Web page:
New York City has begun rolling out free high-speed public WiFi to replace some 7,500 outdated pay phones across all five boroughs.
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This week saw the official launch of LinkNYC, New York City's bold plan to add thousands of free public WiFi hotspots around the city. The first access points were installed in December, but Tuesday, Jan. 19, was the first day the network could be used to connect to the Internet. The project, a collaboration between the de Blasio Administration, Qualcomm, Intersection, and CIVIQ Smartscapes, aims to connect New Yorkers with gigabit fiber by transforming old pay phones into powerful wireless hubs.
LinkNYC is kicking off in beta phase and plans to add functionality and services over time. The organization says it will distribute "at least 4,400" kiosks in Manhattan, Queens, Brooklyn, the Bronx, and Staten Island by 2020. Some 516 of the kiosks will be up and running across all five boroughs by July 2016. LinkNYC hasn't said when it expects all 7,500 kiosks to be operational.
Each kiosk is a connectivity powerhouse. The all-new, purpose-built fiber network delivers speeds 100 times greater than most public WiFi hotspots. These hotspots can support hundreds of users at a time. The kiosks also include Android-based, ad-supported tablets that can be used to surf the Internet for free and to access city services, transit maps, and more.
Free voice calls to any location in the US are possible thanks to a partnership with Vonage. New Yorkers can make international calls via calling card if they wish. The kiosks include directional speakers for calls, but they also support personal headphones for privacy. They feature a dedicated red button for calling 911.
Running low on battery power? The kiosks will all include two, power-only USB ports that can be used to charge personal devices, such as smartphones or tablets. The USB ports cannot exchange data between mobile devices and the LinkNYC kiosk itself.
The kiosks are built to be tough. They can withstand extreme heat and cold, rain, snow, flooding, earthquakes, vandalism, and theft. The sidewalls of each kiosk feature a 55-inch display for public service announcements and, of course, advertisements.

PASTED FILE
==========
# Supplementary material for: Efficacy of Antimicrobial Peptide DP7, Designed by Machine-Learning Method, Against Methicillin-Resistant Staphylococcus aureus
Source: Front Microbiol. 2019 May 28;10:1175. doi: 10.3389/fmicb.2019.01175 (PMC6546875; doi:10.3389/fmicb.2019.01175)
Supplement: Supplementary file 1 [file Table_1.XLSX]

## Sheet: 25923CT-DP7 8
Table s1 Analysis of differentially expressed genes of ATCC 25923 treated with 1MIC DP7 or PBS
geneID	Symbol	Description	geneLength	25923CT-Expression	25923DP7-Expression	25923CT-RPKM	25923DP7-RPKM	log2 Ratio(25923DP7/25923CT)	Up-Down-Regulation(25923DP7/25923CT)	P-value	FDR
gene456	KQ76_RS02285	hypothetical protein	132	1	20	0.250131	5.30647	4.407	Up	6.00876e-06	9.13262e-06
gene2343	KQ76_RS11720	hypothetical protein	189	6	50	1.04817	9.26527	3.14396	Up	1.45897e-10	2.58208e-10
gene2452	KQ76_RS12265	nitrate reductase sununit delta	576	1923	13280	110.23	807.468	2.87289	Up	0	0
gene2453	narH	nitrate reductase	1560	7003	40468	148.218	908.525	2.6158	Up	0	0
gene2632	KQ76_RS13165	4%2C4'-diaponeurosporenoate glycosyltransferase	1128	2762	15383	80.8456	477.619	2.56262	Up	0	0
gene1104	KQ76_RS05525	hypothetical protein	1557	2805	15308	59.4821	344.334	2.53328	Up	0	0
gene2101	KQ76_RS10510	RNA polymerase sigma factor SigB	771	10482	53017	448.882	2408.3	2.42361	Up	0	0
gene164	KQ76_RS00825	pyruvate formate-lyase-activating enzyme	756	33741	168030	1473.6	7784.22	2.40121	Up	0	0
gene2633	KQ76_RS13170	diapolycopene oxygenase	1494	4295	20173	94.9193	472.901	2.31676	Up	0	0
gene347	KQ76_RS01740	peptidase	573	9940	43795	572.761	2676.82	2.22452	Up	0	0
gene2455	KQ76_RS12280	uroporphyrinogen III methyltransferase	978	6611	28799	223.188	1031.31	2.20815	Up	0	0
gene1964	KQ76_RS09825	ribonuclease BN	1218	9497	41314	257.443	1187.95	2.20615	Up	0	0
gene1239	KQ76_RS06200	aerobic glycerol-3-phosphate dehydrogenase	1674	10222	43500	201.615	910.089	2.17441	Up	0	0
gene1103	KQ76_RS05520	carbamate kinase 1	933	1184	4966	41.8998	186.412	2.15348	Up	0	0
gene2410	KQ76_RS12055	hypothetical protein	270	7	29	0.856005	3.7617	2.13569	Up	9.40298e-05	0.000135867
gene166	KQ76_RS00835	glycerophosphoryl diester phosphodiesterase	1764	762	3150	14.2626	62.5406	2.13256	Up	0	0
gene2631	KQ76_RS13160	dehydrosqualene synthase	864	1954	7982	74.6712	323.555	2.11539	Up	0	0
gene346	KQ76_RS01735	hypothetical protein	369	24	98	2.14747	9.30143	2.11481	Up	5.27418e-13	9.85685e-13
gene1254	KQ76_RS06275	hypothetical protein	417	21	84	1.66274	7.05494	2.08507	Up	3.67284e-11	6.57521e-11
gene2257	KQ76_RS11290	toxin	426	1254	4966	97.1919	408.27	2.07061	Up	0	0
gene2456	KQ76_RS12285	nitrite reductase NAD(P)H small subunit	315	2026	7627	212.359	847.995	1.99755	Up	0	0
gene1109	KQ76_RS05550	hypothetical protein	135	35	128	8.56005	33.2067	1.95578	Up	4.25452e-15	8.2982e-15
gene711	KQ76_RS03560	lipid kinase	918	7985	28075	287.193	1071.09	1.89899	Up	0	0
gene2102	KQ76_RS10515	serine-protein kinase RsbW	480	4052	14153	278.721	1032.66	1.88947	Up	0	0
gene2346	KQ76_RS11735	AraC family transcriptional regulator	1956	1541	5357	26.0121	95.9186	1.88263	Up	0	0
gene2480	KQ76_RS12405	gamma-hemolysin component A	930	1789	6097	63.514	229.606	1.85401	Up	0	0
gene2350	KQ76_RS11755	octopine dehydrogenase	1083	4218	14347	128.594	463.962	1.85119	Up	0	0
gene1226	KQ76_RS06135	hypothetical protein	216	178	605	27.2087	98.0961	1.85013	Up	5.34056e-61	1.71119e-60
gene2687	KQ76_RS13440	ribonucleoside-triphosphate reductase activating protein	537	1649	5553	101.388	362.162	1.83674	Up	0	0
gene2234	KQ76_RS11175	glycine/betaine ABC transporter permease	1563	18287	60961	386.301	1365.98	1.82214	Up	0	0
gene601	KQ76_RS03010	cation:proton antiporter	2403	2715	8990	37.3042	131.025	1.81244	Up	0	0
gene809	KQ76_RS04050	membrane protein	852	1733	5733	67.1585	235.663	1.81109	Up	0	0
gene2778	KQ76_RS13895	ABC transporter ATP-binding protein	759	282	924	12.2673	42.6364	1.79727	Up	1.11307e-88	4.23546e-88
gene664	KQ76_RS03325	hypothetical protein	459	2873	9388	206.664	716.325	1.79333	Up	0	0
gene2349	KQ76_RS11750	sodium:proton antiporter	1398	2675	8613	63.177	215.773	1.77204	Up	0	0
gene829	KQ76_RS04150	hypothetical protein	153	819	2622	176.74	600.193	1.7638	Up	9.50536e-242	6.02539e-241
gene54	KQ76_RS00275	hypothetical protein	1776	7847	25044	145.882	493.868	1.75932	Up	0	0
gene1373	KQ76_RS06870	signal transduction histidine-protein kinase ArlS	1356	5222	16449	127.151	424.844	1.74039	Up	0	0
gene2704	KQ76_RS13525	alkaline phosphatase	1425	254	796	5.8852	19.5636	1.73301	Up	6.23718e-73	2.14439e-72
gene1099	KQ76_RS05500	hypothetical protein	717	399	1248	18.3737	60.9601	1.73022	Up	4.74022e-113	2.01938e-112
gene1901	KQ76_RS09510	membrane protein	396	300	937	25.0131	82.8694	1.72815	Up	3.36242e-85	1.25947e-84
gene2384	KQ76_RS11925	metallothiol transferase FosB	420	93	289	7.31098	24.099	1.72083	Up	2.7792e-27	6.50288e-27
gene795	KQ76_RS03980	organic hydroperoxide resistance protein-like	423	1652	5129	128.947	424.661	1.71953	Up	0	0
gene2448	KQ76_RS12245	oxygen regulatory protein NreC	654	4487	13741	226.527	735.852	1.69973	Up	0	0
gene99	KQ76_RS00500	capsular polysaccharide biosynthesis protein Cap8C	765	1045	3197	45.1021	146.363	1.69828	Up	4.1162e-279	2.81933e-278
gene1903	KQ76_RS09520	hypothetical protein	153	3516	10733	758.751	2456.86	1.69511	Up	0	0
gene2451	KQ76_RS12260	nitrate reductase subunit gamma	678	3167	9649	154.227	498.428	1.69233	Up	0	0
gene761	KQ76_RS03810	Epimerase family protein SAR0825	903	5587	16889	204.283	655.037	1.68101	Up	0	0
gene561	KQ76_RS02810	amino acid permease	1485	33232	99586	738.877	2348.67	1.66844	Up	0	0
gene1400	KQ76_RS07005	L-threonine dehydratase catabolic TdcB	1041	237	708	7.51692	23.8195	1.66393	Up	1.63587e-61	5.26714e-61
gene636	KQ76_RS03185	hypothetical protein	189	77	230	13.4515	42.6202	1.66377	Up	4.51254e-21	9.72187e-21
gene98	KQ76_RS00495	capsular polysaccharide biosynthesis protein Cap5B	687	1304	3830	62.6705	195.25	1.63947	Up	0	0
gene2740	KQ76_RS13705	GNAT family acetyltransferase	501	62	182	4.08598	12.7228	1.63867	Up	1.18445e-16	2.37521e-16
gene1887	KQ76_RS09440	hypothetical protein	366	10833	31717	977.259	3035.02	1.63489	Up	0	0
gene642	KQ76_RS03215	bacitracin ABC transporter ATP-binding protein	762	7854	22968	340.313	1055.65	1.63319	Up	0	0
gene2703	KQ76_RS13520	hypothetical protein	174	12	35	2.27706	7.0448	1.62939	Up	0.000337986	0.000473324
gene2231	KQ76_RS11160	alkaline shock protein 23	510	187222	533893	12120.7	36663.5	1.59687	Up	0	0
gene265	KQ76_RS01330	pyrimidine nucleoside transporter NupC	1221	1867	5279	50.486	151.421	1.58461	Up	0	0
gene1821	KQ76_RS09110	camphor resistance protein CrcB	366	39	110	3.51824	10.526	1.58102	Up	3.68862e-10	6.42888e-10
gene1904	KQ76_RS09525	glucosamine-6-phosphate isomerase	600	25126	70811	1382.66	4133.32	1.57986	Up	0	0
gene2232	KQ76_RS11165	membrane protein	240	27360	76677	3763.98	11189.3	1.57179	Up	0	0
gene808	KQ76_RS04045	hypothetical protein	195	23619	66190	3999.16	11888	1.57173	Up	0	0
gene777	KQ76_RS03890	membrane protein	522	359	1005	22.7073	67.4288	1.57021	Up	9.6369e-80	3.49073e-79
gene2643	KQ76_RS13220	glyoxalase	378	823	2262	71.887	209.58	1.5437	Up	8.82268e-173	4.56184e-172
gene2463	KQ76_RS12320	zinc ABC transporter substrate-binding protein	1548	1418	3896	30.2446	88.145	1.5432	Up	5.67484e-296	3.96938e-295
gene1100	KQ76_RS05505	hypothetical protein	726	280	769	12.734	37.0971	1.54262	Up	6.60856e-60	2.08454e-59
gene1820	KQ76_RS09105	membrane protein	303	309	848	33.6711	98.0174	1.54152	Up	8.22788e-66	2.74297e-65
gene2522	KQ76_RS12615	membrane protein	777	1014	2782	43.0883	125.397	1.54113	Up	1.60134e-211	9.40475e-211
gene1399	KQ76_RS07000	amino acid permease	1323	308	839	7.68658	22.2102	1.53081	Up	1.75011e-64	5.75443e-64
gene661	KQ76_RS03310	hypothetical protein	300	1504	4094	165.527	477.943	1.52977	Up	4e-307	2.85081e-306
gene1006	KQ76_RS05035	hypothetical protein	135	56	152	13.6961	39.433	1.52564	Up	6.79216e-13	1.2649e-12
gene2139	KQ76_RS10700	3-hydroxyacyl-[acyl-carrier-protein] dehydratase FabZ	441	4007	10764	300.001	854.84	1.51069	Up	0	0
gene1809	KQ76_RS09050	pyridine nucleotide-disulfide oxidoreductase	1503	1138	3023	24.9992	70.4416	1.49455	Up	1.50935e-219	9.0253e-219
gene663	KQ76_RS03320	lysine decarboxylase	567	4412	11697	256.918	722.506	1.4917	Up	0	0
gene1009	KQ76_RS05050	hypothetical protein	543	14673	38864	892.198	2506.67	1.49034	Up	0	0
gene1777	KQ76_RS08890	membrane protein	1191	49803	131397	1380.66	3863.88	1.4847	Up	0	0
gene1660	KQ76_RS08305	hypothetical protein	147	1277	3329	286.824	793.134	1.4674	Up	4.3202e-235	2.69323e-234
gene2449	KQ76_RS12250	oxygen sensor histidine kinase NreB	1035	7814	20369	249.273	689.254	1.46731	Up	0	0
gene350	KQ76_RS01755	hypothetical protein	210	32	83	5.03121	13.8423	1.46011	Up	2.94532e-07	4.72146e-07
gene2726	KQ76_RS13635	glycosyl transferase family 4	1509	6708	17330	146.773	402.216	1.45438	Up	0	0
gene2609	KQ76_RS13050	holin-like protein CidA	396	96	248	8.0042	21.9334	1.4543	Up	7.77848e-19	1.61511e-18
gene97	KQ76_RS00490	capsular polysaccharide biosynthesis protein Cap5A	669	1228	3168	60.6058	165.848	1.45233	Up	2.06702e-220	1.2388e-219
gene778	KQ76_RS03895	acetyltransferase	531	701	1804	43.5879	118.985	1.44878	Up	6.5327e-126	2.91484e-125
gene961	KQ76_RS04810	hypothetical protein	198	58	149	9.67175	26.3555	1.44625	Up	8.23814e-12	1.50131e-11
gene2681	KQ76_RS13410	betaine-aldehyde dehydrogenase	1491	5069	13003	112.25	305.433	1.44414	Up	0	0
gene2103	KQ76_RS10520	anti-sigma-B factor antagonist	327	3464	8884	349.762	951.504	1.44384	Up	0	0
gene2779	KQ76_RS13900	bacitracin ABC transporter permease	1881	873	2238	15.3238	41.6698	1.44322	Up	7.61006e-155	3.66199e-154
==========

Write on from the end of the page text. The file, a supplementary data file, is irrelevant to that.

You might be wondering just how secure these things are. The kiosks provide two networks, LinkNYC Free WiFi and LinkNYC Private. First-time users must log in via the LinkNYC Free WiFi network. The network is open, but is encrypted and relies on SSL security to prevent third-parties from spying on bits as they flow between your device and the hotspot.
The LinkNYC Private network takes things another step and secures all wireless communications, whether sites use SSL or not. The LinkNYC Private network isn't open to everyone, however. It is limited to handsets and tablets that support Hotspot 2.0. Right now that means the newest iPhones and iPads from Apple.
All devices should be able to remember and connect to either type of LinkNYC hotspot after the first use. The city says it "will never sell any personally identifiable information or share [data] with third parties." That's reassuring.
The initial batch of kiosks are spread sparingly around the city. In Manhattan, for example, LinkNYC is starting with 3rd Ave. and 8th Ave. above 14th Street and moving north. A small section of northern Manhattan will be covered as well. Other neighborhoods around the city on the kick-off list include the South Bronx; Jamaica, Queens; Flatbush Ave. in Brooklyn; and St. George, Staten Island.
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Eric is a freelance writer for InformationWeek specializing in mobile technologies. View Full Bio
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